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New Heights
by KJ Hannah Greenberg


Jessica was neither pudgy nor bereft of scales. Her flame appeared as quickly as did those of other serpentine seafish. Besides, her claws were as sharp as was any rondel dagger and her venom was equal to that of any Blue Krait’s. However, her kin had ousted her to an uncharted island in Polynesia; they were ashamed of her height. The young chimera hadn’t even merited a berth on Compadre Rock, let alone a home on the reptilian paradise known as “Vigur.”

She had been sent far from her people simply for towering over them. Collective memory suggests that never before and never since had there been a wingspan as colossal as hers. Unfurled, she was an enormous freak among lesser fiends.

Whereas her kind had sufficient resources such that each of them could eat, weekly, the equivalent of a sheep or of a small person, unlike Jessica, other hatchlings successfully translated their calories into well-muscled limbs, glossy scutes, and strong organs. A minority among them packed on attractive adipose tissue, too. Jessica, regrettably, just seemed to morph food into additional latitude. Before achieving even two months of life, she stood much taller than all of her age-mates.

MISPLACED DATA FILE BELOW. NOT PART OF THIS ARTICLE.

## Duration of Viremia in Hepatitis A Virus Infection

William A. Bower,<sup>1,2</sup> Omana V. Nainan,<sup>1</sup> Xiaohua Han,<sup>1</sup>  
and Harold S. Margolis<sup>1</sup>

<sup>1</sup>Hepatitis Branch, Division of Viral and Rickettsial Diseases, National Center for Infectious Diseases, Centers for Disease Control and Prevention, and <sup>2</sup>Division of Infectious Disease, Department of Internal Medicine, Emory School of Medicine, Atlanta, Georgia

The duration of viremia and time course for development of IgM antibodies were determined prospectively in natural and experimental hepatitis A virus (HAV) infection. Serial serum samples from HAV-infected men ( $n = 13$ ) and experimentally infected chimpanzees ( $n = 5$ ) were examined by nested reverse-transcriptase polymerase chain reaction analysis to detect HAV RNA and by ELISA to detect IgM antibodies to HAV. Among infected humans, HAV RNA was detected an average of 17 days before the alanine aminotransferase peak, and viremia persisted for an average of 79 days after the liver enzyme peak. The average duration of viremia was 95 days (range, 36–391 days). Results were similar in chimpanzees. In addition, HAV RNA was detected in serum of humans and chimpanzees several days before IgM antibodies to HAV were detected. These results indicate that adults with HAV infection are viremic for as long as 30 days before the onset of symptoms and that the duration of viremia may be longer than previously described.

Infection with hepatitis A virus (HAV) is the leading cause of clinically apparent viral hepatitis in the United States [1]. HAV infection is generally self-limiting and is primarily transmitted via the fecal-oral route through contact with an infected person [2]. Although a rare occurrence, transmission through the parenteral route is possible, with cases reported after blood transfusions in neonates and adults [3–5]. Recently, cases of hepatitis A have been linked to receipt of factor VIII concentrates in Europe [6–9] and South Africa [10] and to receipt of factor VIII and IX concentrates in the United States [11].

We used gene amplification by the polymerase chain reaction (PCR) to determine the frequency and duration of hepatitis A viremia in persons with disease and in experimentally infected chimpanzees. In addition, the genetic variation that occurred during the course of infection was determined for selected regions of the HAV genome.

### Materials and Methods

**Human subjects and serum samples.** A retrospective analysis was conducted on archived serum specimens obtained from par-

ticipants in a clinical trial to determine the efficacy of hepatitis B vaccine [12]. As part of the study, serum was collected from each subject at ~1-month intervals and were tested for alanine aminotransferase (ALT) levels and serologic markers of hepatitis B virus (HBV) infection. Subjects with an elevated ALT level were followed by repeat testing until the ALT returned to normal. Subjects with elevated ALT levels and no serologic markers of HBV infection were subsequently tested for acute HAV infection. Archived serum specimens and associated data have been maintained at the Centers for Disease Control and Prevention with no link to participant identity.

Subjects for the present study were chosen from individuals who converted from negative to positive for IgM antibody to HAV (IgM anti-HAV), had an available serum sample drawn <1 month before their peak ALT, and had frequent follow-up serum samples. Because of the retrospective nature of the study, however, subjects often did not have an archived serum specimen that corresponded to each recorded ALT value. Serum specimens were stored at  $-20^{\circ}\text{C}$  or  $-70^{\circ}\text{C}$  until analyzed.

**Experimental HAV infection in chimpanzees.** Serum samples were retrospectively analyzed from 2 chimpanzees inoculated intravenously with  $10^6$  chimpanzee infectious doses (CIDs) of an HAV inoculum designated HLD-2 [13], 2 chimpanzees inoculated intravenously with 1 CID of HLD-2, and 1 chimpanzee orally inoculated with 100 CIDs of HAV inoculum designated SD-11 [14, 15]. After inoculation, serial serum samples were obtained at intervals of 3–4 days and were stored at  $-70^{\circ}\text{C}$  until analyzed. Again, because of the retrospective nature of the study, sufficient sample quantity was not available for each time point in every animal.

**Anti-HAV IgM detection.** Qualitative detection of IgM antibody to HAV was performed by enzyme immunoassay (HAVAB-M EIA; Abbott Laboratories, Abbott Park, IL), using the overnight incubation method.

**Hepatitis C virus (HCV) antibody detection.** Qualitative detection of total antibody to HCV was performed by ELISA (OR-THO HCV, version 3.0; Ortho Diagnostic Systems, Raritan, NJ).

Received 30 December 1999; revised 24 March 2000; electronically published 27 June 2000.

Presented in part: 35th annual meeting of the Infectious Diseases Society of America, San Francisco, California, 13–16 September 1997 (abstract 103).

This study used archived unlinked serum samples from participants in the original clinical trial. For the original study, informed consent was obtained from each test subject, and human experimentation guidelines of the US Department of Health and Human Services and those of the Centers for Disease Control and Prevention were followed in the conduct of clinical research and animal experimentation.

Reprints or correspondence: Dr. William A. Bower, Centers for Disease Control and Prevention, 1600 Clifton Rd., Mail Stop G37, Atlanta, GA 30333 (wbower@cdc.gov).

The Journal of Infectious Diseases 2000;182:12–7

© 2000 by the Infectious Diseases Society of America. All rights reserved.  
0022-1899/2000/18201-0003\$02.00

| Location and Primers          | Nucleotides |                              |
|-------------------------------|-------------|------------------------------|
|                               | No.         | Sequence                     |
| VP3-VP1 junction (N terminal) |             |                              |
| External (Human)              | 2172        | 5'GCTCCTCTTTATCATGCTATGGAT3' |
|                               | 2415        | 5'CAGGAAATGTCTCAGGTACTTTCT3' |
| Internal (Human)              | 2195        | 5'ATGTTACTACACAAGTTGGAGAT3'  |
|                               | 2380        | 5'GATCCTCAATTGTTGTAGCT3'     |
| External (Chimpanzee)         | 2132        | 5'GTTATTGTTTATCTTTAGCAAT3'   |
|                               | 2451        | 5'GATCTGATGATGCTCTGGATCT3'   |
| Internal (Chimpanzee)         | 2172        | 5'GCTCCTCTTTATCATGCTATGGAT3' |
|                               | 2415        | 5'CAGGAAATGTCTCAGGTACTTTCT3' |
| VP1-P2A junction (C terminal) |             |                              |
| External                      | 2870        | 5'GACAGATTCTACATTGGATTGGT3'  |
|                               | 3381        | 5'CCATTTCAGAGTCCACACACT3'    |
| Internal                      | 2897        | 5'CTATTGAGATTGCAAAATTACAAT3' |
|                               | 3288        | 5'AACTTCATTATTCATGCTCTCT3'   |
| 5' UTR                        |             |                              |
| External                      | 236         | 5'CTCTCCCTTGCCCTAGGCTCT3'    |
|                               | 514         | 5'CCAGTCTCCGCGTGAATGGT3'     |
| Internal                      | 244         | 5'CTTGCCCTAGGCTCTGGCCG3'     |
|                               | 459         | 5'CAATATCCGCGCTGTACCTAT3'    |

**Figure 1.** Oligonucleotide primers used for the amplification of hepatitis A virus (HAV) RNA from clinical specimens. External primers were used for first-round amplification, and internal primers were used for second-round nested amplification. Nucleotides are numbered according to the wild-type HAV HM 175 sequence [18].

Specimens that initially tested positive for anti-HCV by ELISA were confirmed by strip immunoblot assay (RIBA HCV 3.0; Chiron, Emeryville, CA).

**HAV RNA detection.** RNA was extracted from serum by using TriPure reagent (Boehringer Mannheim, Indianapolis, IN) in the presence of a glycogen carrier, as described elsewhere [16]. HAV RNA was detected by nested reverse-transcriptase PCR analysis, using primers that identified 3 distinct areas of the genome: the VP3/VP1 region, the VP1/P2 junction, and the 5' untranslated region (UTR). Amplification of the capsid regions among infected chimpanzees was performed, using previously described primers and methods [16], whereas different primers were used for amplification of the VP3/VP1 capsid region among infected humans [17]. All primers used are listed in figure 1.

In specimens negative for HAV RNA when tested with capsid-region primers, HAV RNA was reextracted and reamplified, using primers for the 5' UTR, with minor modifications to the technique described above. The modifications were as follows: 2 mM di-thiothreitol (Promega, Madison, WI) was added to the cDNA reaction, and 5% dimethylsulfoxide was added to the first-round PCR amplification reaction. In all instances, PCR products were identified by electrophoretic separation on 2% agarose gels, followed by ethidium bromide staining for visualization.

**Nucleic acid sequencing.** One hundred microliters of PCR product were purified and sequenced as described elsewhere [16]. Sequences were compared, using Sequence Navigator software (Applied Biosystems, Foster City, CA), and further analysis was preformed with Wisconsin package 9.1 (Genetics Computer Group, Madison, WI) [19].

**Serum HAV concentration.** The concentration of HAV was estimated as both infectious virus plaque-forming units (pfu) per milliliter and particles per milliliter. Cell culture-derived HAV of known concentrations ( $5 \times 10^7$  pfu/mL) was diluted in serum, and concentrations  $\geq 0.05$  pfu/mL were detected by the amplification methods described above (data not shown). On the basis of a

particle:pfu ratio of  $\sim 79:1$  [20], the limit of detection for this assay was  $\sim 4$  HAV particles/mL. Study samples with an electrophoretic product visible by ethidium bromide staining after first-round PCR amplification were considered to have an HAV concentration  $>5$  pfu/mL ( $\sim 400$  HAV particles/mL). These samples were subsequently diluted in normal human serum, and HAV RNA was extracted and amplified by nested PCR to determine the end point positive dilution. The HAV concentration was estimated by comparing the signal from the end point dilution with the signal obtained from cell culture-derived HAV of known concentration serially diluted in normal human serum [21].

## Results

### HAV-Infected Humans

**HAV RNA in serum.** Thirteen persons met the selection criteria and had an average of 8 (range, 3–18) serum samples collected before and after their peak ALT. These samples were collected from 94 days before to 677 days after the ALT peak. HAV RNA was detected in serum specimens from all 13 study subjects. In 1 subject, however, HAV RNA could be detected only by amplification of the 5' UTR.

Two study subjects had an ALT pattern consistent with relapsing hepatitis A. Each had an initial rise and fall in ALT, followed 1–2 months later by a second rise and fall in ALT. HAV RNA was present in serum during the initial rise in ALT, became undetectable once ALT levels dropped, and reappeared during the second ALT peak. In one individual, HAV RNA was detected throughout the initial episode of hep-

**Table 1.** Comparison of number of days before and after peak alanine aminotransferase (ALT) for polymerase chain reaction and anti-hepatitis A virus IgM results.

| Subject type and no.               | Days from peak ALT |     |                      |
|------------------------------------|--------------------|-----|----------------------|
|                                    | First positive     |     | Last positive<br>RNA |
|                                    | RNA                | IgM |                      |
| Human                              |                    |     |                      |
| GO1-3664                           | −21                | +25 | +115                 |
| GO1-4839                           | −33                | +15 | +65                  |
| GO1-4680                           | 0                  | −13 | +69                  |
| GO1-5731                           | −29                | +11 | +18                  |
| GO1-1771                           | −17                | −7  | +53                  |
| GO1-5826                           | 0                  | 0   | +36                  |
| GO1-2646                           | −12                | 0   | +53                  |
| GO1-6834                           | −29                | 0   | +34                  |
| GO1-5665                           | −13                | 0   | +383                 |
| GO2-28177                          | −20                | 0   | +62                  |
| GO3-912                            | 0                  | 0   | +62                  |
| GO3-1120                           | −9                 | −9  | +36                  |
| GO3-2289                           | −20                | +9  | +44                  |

Little has been recorded by chimera bards about the shock, denial, and disbelief Jessica experienced when being taunted, but we know that she tried to binge eat as a means of relieving her distress. Unfortunately, on those occasions when she consumed two colts or an entire wild boar, she’d feel stuffed, and then, just hours later, swell perceivably taller.

Jessica also attempted both starvation and other, less extreme, routes to allaying her vertical gains. In spite of those efforts, when she ate less, the only corporeal changes she achieved were catching a respiratory infection and developing an intestinal amoebic ulcer. To heal from those, she had to, respectively, swallow fruiting citrus trees and indulge in afternoon naps. When she snoozed, the young dragon hid away from her colony, in general, and from her mother, more specifically.